I'm looking for free (as in beer and as in commercial-use-friendly freedom) sources of stereo satellite imagery. I assume that such imagery should not be rectified since that would remove the benefits of having a stereo image pair, i.e. the geometry of the resulting images would be nearly identical.

So far I found a usable IKONOS dataset from the May 2008 China earthquake from the University of Maryland's Global Land Cover Facility (GLCF).

Do you know of any other stereo free satellite image sources besides GLCF?

  • 1
    Any location preferences?
    – Mapperz
    Commented Dec 12, 2011 at 16:20
  • @Mapperz: I need mainly mountainous locations.
    – Jaime Soto
    Commented Dec 12, 2011 at 21:49
  • Can you download them and maybe find someone who expertise in Remote Sensing or Image Processing Specialists who can do undo the recified satellite Imagery ? For my agency, we asked a private contractor who does the Aerial photos and we asked them to do unrecified aerial photos for us. They did and it really help our soil scientists. By the way, I have no idea of where there are free satallite imagery you are looking for. Goodl luck.
    Commented Dec 13, 2011 at 19:27

2 Answers 2


These probably aren't exactly the droids you're looking for, but the ASTER DEM is constructed using stereographic correlation. Hirano et al describe the process for creating the DEM using stereo pairs.

The only problem with ASTER is that its stereographic capabilities come from specific off-nadir tasked data collection. So unless you want to shell out big bucks, you're going to have to make do with whatever stereo pairs have already been collected.

The availability of ASTER data has also changed over time, I think because its a joint USA/Japan sensor. According to this page, you can get any L1B ASTER data from over the USA for free via the LPDAAC, but L1A and non-USA scenes are only available to certified NASA users through WIST.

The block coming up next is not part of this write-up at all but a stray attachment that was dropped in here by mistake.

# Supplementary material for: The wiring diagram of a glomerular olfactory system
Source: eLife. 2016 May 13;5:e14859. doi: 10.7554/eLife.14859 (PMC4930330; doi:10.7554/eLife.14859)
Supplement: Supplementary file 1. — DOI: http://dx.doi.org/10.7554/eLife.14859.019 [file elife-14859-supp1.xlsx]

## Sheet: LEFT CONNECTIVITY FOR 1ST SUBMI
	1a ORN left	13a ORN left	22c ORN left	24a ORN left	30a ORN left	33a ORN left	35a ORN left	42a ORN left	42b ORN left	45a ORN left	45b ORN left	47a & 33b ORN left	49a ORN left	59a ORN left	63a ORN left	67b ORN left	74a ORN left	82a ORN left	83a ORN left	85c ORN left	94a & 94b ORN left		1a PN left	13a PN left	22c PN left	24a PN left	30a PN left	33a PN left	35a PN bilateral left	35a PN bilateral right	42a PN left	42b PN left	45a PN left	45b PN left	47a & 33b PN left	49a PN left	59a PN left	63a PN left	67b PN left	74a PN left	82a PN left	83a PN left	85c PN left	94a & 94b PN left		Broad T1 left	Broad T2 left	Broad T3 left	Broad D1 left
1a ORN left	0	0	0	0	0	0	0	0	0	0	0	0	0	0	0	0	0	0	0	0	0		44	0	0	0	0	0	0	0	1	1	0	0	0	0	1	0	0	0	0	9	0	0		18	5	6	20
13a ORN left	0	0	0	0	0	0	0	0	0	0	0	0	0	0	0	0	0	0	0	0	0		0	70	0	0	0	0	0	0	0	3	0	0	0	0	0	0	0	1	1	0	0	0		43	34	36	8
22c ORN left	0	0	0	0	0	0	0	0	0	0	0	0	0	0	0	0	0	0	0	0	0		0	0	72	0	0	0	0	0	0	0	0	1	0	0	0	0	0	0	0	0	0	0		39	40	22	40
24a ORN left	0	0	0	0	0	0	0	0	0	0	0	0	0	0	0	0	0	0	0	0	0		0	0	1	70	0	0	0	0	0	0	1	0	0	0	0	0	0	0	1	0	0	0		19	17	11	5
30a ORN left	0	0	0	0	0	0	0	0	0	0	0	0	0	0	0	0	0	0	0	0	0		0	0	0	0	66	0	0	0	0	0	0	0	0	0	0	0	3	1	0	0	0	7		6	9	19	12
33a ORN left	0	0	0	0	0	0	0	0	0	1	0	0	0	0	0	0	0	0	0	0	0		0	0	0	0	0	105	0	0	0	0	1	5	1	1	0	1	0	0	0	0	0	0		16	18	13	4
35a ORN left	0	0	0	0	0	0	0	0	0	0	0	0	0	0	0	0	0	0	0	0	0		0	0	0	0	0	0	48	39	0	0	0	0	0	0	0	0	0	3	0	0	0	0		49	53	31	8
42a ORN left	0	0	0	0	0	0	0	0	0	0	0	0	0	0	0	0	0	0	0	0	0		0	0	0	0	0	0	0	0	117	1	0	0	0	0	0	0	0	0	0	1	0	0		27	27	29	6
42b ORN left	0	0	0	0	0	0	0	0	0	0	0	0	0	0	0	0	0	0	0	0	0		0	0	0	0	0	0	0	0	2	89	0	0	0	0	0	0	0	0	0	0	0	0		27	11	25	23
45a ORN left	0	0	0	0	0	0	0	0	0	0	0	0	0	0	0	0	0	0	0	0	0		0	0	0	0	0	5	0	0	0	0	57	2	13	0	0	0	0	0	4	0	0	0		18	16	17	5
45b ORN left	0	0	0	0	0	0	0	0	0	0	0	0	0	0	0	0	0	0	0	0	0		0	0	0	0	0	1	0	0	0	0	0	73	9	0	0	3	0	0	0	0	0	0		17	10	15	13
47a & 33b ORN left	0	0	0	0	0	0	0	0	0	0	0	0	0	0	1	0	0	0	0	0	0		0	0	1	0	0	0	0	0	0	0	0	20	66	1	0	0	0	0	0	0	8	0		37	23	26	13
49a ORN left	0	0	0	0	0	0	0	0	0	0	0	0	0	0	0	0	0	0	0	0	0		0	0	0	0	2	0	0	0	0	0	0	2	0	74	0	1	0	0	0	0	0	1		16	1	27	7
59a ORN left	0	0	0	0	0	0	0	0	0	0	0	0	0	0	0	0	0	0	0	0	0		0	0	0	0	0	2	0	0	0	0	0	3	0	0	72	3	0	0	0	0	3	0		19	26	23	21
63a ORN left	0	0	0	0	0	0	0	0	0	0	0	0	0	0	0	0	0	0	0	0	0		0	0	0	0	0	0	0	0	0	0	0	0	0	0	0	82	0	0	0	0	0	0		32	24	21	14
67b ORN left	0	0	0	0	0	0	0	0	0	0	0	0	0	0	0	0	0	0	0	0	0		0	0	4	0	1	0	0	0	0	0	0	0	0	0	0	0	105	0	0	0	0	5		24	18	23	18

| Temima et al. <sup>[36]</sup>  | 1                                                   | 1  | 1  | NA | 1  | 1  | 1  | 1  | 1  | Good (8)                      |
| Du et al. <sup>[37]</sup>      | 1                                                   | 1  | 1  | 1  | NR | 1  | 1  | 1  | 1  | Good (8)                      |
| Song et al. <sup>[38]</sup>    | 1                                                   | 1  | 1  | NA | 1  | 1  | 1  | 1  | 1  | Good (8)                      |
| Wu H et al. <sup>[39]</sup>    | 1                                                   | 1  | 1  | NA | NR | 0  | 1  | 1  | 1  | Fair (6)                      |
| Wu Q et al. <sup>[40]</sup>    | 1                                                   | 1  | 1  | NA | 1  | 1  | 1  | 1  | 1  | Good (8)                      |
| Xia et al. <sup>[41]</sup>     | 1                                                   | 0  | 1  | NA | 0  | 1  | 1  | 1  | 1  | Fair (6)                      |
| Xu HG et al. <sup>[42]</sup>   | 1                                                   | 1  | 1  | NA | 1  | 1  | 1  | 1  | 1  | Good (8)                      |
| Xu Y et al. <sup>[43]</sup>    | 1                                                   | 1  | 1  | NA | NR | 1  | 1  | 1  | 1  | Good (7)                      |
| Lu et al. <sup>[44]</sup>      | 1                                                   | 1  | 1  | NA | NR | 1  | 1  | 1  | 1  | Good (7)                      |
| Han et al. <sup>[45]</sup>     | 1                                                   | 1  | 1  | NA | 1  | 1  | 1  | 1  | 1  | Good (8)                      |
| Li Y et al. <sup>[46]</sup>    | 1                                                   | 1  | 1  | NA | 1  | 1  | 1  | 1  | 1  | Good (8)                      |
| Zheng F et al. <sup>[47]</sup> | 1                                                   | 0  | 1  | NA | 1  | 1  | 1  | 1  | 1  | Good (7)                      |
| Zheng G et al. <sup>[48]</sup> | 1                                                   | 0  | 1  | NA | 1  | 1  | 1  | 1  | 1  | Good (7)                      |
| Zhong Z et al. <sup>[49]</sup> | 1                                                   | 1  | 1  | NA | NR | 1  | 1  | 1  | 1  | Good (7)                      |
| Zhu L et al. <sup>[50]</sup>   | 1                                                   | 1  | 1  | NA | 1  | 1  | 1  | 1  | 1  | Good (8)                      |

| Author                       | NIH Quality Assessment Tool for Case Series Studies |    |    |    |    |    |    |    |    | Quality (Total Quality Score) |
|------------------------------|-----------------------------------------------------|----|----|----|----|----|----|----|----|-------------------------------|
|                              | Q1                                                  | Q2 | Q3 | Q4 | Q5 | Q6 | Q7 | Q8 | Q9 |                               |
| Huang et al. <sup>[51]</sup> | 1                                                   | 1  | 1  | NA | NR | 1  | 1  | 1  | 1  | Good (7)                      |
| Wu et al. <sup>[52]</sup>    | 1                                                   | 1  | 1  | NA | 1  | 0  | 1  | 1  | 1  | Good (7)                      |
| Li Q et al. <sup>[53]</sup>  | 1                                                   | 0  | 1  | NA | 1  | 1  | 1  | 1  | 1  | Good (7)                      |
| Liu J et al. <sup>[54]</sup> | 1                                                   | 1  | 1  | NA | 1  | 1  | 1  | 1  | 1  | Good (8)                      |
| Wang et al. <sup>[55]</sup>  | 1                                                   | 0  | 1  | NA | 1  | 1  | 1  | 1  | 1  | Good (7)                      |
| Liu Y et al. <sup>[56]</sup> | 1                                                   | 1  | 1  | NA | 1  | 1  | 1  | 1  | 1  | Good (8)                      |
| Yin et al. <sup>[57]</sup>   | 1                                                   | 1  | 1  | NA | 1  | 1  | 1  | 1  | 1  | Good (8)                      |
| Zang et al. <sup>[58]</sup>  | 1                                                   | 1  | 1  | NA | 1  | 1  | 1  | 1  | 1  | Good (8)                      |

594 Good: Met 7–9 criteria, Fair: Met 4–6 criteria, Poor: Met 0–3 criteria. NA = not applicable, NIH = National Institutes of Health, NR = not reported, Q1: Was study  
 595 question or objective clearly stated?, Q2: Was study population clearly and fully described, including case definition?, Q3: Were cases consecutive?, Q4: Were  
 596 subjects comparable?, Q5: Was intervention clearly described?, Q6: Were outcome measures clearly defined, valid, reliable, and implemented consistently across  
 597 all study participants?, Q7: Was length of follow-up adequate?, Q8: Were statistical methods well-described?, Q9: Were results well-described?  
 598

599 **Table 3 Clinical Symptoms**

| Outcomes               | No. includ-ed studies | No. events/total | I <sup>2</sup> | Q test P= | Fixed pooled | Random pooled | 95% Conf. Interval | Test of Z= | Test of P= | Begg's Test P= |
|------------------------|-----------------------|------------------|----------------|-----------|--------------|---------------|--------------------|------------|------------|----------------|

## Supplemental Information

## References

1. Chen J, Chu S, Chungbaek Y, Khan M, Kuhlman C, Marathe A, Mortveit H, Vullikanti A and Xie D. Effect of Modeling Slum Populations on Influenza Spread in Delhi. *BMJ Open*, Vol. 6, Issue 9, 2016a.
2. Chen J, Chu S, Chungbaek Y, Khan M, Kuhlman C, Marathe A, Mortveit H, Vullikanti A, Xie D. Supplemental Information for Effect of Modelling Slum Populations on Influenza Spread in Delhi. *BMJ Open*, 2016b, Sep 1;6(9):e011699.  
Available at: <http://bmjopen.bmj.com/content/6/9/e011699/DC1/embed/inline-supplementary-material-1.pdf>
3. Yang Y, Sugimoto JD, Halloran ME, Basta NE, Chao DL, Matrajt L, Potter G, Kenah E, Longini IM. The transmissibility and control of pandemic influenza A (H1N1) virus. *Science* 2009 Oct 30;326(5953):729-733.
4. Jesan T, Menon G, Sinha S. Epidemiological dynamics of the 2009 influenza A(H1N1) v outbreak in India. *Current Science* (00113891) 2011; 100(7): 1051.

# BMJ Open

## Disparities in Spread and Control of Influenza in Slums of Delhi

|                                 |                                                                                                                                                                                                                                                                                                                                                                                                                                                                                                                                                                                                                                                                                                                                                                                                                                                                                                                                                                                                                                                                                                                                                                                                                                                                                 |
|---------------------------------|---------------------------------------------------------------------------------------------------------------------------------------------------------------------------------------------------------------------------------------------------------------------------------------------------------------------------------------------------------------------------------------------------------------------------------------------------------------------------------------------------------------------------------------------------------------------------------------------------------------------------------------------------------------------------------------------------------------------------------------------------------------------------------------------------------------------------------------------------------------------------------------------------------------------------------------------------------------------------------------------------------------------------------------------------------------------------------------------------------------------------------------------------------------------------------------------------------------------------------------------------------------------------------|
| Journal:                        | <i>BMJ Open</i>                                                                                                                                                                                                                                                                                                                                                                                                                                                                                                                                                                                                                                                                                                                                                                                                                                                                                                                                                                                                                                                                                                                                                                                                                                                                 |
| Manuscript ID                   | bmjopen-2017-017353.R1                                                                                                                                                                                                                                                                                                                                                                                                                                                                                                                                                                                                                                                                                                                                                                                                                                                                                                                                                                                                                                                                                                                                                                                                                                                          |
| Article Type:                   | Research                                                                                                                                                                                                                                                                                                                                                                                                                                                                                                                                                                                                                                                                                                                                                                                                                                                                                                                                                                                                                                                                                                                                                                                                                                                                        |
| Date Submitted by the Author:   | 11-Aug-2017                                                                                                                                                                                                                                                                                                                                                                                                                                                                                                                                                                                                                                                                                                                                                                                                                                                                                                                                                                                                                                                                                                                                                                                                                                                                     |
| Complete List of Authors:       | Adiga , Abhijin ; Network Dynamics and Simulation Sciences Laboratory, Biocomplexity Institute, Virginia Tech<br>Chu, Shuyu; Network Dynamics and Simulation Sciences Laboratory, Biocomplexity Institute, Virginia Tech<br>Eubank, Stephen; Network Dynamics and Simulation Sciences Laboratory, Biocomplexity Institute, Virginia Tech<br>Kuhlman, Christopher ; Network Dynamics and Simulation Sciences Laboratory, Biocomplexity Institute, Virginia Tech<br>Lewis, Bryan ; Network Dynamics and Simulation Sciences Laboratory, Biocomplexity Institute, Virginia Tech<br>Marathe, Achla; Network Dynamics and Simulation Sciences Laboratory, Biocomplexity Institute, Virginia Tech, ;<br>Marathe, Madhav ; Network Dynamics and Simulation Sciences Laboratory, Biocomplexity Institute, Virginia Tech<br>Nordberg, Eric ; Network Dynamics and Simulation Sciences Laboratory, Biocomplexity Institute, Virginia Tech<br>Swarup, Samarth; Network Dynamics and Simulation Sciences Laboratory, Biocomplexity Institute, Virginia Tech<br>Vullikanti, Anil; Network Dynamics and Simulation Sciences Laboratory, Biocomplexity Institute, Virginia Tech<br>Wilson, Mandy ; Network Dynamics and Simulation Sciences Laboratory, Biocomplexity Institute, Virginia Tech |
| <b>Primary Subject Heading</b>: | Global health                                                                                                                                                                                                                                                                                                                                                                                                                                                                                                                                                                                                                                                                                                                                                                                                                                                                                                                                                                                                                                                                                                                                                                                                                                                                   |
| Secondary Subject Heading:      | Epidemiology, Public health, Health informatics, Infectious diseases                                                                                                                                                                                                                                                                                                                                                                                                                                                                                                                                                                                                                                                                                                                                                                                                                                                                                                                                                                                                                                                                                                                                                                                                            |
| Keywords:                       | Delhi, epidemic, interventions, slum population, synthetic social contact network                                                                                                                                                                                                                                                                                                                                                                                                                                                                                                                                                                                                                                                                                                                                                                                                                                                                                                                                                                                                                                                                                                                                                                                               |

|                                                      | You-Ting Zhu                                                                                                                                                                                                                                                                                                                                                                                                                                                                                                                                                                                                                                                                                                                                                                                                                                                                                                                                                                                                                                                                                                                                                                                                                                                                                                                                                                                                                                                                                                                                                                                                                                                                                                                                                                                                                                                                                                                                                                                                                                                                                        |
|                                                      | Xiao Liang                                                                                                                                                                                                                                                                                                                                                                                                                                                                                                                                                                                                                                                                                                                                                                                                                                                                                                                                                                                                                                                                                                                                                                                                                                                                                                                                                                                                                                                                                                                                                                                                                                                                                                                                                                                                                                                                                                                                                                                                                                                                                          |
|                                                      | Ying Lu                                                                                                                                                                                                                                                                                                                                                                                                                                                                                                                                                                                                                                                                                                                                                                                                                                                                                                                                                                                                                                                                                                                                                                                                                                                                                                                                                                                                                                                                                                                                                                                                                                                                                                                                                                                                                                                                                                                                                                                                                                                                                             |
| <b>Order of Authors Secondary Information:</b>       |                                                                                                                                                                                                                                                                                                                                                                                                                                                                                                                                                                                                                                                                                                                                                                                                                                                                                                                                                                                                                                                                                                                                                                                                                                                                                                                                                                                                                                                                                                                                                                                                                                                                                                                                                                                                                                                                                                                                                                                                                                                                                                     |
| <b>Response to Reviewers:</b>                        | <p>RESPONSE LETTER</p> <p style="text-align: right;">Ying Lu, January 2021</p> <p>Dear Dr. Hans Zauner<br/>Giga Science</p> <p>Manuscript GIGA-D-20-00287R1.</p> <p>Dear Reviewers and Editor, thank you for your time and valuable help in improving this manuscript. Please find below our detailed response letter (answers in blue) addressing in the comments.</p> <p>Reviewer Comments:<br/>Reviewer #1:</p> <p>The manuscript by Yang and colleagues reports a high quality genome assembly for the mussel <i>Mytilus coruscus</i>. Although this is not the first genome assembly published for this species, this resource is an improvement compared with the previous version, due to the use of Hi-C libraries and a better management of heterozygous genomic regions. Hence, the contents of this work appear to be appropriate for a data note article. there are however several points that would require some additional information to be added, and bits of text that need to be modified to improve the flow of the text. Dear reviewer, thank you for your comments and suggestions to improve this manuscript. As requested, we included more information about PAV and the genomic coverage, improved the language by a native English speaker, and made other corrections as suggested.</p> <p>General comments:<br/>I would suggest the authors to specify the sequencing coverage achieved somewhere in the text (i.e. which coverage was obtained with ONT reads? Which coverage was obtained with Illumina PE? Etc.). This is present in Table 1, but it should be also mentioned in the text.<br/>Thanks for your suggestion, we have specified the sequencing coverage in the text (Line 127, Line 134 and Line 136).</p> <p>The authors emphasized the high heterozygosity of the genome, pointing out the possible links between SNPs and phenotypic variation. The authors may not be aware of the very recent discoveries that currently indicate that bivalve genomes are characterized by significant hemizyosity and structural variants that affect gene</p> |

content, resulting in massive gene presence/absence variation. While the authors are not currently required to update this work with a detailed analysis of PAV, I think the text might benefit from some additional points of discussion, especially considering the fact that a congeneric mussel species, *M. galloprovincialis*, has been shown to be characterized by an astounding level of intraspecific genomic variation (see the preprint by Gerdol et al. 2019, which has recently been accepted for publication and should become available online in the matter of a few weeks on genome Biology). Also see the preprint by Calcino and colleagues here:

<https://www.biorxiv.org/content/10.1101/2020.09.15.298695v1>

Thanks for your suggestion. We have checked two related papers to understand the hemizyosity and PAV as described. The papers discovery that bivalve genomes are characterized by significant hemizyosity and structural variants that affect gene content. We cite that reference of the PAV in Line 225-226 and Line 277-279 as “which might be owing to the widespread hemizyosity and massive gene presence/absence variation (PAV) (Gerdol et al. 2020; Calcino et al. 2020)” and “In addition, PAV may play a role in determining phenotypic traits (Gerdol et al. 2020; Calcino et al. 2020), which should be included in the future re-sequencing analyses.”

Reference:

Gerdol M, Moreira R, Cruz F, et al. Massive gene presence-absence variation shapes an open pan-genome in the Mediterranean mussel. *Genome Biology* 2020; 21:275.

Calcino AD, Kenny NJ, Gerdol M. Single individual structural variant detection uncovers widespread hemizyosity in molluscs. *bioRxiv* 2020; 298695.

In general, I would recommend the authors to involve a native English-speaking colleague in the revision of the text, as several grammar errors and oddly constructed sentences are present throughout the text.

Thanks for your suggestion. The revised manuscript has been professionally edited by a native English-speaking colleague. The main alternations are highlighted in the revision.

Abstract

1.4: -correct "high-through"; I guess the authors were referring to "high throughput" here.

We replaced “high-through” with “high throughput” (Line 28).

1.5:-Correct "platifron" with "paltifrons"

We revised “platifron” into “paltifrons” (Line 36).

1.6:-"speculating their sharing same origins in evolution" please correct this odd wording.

I hope that helps!



For satellite imagery, the USGS Earth Resources Observation and Science Center is a good place to start looking. From that page, there are two special web portals you can use to search for satellite image tiles---Glovis and EarthExplorer. While they're similar, I tend to use Glovis for ASTER and EarthExplorer for Landsat. But I believe they are nearly equivalent.

No matter how you approach your search, the key to achieving stereo parallax is overlapping exposures from different vantage points. So focus on identifying nearly cloud-free tiles with overlap in your area of interest.

In this Glovis screenshot I'm searching ASTER imagery. You can distinguish areas of overlap between the tiles, and it stands to reason that you could achieve stereo parallax from either 1) sequential tiles along any flightline, 2) neighbor tiles from a parallel flightline, or 3) exposures for the same position from different times. However I'm not 100% sure about that third suggestion. While exposures from different times should create stereo parallax (the satellite doesn't pass through the exact same position), I suspect it may be impossible to perceive.

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Similarly, in this EarthExplorer screenshot, I'm searching Landsat imagery. The same principals apply; although, because the swaths are wider, it may be difficult to find overlapping tiles for an exact area of interest.

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